Discover more from Just Enough to Get Me in Trouble
I'm 45 years old and I made a new friend
I think. I hope.
“Finding a new close friend at this stage in life feels like winning the lottery.”
I wrote that sentence over two years ago in a piece about friendship.
At the time, it was just over a year into the pandemic, which felt like an eternity, and still felt like it wasn’t ending anytime soon. Knowledge workers like myself had been forced to work remotely from home, something I had done in the past with less than stellar results. Instead of increased productivity, it led to disconnectedness and loneliness. When the pandemic hit, I was worried that it would lead to more of the same.
Committing to writing, interacting with readers like yourself, and meeting other writers on a similar path was what saved me then. The rise of Zoom helped too. It became normal to reach out to someone in a writing community and see if they wanted to hop on a Zoom chat. It was like a virtual version of the coffee meetings I used to do when I worked in startups in SoMa, the South of Market area of San Francisco.
Toward the end of the piece, I wrote this:
“Sure, these online friends can’t show up at my doorstep in Sonoma unannounced… But they can send me a DM, comment on this piece (hint, hint), reply to a tweet, hop on a Zoom chat, or any number of other online interactions.”
Yeah, sure, okay. I do have good online friends I’ve met in this way. I’ve even met a number of them in real life at this point. I also now work with some of them. That’s great and I’m grateful for all of it. But I still yearned for a local friend. And yet, in the intervening years, I’ve done basically nothing to find one.
On a recent Friday afternoon, I decided to make the 30-minute drive to practice golf at a range and nine-hole course in the middle of a horse racetrack at the Sonoma County Fairgrounds in Santa Rosa, California. I’ve become re-addicted to golf lately. I’m devouring videos and podcasts and jumping at the chance to get out and play or practice anytime I can—and the fairgrounds course is the perfect spot to get in some quick practice in the late Summer evenings.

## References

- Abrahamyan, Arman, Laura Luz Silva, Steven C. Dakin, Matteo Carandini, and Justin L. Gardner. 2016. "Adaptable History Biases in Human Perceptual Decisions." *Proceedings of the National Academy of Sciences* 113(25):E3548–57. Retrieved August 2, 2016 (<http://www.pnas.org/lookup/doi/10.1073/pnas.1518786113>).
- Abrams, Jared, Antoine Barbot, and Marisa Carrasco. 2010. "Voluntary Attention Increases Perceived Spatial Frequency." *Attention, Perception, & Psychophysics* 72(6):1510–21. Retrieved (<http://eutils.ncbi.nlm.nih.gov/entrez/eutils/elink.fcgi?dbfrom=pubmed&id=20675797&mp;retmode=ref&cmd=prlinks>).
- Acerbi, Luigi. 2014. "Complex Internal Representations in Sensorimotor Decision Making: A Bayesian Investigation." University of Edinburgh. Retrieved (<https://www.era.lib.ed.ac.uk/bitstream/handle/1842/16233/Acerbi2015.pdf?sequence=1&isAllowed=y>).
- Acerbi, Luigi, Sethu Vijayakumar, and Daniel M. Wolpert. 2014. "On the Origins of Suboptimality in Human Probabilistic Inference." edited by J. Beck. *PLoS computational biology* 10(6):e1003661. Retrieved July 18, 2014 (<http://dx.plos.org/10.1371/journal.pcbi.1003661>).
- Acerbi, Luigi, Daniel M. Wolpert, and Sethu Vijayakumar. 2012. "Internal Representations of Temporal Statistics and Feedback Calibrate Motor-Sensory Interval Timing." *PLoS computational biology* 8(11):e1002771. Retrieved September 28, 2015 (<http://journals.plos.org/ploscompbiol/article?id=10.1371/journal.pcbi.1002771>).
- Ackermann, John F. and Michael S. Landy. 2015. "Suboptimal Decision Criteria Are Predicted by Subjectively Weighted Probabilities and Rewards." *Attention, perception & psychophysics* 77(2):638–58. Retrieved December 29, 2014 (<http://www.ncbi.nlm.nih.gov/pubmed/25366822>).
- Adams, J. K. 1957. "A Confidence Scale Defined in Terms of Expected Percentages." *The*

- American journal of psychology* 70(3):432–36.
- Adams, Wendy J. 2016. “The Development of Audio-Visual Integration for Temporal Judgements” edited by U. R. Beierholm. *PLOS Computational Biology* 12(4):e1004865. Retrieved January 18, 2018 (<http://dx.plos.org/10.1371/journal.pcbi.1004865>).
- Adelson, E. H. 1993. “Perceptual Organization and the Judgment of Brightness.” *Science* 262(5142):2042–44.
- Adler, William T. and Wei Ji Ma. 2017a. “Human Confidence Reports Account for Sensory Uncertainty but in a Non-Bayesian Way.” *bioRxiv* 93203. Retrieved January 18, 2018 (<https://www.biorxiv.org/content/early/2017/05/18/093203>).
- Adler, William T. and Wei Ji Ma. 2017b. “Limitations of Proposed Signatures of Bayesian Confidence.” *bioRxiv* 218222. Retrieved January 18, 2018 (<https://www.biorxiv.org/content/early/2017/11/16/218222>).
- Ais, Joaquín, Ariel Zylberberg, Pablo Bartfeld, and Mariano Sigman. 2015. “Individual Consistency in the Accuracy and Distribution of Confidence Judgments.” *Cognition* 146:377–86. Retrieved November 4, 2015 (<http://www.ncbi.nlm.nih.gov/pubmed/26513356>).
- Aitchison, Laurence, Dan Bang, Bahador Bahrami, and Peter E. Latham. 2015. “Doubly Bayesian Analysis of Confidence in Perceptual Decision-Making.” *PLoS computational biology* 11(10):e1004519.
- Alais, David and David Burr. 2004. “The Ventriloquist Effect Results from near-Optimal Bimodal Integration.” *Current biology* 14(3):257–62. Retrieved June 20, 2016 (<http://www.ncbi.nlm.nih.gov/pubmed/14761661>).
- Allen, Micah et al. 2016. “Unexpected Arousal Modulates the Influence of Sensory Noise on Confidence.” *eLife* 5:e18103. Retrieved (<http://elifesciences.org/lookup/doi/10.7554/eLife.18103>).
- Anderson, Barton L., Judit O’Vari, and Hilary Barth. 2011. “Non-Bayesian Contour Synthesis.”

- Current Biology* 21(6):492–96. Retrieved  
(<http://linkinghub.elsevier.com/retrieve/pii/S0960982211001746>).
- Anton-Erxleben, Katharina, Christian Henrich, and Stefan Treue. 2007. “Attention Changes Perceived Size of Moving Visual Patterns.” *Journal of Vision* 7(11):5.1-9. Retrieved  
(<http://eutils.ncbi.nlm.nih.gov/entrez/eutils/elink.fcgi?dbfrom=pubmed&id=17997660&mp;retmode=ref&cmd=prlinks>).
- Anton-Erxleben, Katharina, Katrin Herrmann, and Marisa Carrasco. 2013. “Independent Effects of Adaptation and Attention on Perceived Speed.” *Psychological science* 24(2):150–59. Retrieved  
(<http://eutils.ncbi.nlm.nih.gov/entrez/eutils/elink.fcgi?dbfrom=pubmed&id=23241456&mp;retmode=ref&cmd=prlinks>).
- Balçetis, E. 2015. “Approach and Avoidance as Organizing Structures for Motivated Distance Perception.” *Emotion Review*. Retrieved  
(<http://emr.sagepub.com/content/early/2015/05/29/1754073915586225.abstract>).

When I play the course, I usually go out on my own so I can hit more than one ball and try different shots around the greens and whatnot without feeling like I’m holding anyone else up. Everything was going smoothly that day until the 6th hole when the group ahead of me slowed down.
As I was standing there waiting to hit my tee shot, the guy behind me finished up the 5th hole and started walking my way. I had seen him steadily gaining ground on me for a few holes and I had been staving him off, because if he joined me that meant less practicing for me. This might sound strange to anyone who knows me since I’m generally a personable guy who can get along and converse with just about anyone. And I do it all the time on the golf course with random strangers too. But on this day I was feeling more like a lone wolf than a social butterfly.
“Mind if I join you?” he said.
“Not at all,” I said while silently sighing in my head.
“I’m Jacob,” he said as he reached for a handshake.
I was annoyed that the slow play ahead forced me out of the comfy zone I was in. Yet, as we chatted between shots, I quickly discovered that we had a lot in common. Most notably, we played at a similar skill level, although I could tell pretty quickly that he was a little better than me. Not to brag, but I’m a better player than most people I encounter, so it was refreshing to play with someone who was clearly a solid player. It brought back memories of playing with my friend Trevor who was the head golf pro at a course I worked at down in Santa Barbara nearly 20 years ago. We’re still friends to this day, but since we live about a seven-hour drive away from each other, we don’t get to hang out very often.
When Jacob and I were done playing, I took off my hat and shook his hand, which is the customary—dare I say gentlemanly?—thing to do at the end of a round. For most playing partners, that’s where the story would end. We’d go our separate ways and rarely, if ever, run into each other again.